Russian President Dmitry Medvedev is unlikely to receive a very warm welcome during his state visit to Tajikistan scheduled for September. The gradually cooling relations between the two countries have hit a new low after Boris Gryzlov, the speaker of the lower house of Russia’s parliament, wrote in Nezavisimaya Gazeta on August 2 that Russian border guards should return to Tajikistan’s southern frontier (from which they pulled out in 2005) in order to stem the flow of narcotics from Afghanistan. Aware of Dushanbe’s unwillingness to share its security duties with Moscow, Gryzlov proposed to introduce visas for Tajik nationals travelling to Russia if Tajikistan persists in opposing the return of Russian border guards. Remittances sent home by an estimated one million Tajik labor migrants in Russia account for about 40 percent of the country’s GDP, keeping hundreds of thousands of Tajik families out of extreme poverty.
For over one year, Moscow has been pressing for the return of its border troops to Tajikistan. Russian officials are genuinely concerned about the impact of Afghan narcotics, most of which are smuggled into the country through Central Asia. An estimated 130,000 people in Russia die each year from heroin overdoses and drug-related crime (www.telegraph.co.uk, April 28, 2010). Last year, Russia’s anti-narcotics chief, Viktor Ivanov, suggested that about 60 percent of Russia-bound Afghan heroin is smuggled through Tajikistan, which needs support in fighting drug trafficking through its borders (www.rg.ru, May 6, 2010).
Following Ivanov’s assertions, Moscow’s former envoy to Dushanbe, Maxim Peshkov, announced that Russian and Tajik officials had discussed the return of border troops and Russia was “ready to assume control of the Tajik-Afghan border” (www.km.ru, December 13, 2010). Many analysts interpreted these announcements as signaling that Moscow and Dushanbe were close to reaching an agreement over a shared responsibility for the patroling of the Afghan border. In May, Reuters news agency quoted unnamed high-ranking Tajik border officials as saying that Moscow was negotiating the deployment of as many as 3,000 troops on the Tajik-Afghan border (www.centralasianewswire.com, May 5).
Dushanbe has persistently denied holding such talks with Russia and firmly resisted Moscow’s pressure. On July 18, Tajik Foreign Minister Khamrokhon Zarifi told the media that Tajikistan would not leave the protection of its southern frontier to Russia. Moreover, Zarifi suggested that Moscow should start paying rent for having a military base in the country (www.news.tj, July 18). Several other officials and scholars have argued that the return of Russian border guards would undermine Tajikistan’s sovereignty and international reputation.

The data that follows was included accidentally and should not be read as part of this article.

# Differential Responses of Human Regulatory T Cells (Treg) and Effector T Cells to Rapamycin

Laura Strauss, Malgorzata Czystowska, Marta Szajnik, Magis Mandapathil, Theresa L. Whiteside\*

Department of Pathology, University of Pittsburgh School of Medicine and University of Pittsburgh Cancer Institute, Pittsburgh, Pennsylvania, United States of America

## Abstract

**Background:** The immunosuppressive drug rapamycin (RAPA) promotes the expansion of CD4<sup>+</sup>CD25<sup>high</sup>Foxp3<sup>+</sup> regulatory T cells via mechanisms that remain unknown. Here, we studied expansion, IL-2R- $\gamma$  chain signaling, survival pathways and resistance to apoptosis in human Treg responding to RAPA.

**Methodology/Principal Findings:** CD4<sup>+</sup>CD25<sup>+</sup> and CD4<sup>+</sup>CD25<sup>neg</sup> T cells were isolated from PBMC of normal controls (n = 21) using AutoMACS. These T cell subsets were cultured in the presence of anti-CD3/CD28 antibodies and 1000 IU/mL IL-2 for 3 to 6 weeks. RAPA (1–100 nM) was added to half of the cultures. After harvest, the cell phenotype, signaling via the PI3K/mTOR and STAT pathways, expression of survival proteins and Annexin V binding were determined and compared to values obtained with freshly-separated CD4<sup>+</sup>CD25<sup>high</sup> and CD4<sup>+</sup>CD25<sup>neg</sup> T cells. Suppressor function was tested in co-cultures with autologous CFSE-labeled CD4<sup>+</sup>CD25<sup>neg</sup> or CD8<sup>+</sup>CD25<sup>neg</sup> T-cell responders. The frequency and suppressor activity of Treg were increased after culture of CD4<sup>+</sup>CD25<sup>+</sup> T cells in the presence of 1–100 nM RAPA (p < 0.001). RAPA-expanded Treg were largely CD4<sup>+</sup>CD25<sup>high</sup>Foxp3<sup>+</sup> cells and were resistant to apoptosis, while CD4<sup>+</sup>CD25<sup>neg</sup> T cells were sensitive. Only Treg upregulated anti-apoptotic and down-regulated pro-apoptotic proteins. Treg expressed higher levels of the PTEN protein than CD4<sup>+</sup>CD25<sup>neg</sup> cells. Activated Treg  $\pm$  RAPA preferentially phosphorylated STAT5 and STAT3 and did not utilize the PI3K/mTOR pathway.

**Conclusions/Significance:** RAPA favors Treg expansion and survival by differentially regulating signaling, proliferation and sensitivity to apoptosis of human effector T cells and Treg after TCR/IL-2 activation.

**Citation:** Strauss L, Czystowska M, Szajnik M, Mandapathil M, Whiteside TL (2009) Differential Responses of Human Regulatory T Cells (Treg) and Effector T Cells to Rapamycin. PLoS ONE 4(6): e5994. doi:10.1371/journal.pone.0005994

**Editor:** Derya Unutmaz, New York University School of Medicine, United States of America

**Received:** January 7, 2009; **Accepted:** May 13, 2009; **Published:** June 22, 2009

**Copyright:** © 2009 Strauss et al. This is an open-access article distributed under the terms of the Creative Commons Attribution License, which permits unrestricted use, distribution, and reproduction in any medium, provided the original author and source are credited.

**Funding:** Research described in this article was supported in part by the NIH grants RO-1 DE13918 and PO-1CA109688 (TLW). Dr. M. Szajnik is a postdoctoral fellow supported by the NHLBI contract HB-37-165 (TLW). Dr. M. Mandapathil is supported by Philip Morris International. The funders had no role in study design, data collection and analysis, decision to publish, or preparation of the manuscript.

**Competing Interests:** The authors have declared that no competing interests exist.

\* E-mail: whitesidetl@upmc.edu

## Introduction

Gryzlov’s statements indicating that Moscow might be stepping up its pressure in order to force Dushanbe to revisit its position on the Afghan border have drawn intensive criticism in Tajikistan. Dushanbe-based political analyst, Sayfullo Mullojonov, suggests that Tajik border guards have demonstrated over the last five years that they can patrol the country’s border as effectively as the Russians did before their withdrawal in 2005 (www.avesta.tj, August 3). Suhrob Sharipov, the head of the Tajik government-affiliated Center for Strategic Research (CRS), argues that Gryzlov’s assertions about the increasing flow of Afghan narcotics through Tajikistan are incorrect. Sharipov says the CRS is now preparing a report which compares the volumes of narcotics interceptions on the Afghan border by Russian border guards before 2005 and by Tajik security agencies since then to prove that the latter do their job better (www.ng.ru, August 5).
Sharipov also suggests that “Russian drug lords” might be behind Moscow’s plans to return the control of the Afghan border. This line of thinking apparently comes from the Tajik President Emomali Rahmon. A cable from the US embassy in Dushanbe, disclosed recently by WikiLeaks, suggests that Rahmon told the US ambassador in December 2005 that Russian border guards “were more involved in trafficking heroin than in stopping it.”
Russian experts downplay Gryzlov’s comments, suggesting that they should be regarded merely as political rhetoric for the consumption of Russia’s electorate. Viktor Litovkin says Russia will hold presidential elections in 2012, and Gryzlov, just as many other high-level members of the ruling United Russia party, talk about migrant workers and narcotics because these topics are popular with Russian voters. The expert suggests that Moscow would not be introducing visas for Tajik labor migrants because Russia needs cheap manpower (www.ng.ru, August 5).
Although Russian officials describe Afghan heroin smuggling as the major reason for Russia’s aspiration to return to the Tajik-Afghan border, Moscow also fears that the US’ plans to pull out its troops from Afghanistan and hand over security there to the Afghan authorities in 2014 could have serious repercussions for the security of Russia’s troubled southern border. Tajikistan’s 1,344 kilometers (840 miles) border with Afghanistan indeed remains severely ill-protected and vulnerable to infiltrations by Islamist militants. However, Dushanbe has little incentive to hand over its border protection function to Moscow and Russian leaders have so far failed to offer such an incentive.
(By Alexander Sodiqov, originally published in Eurasia Daily Monitor Volume: 8 Issue: 158, on August 16, 2011)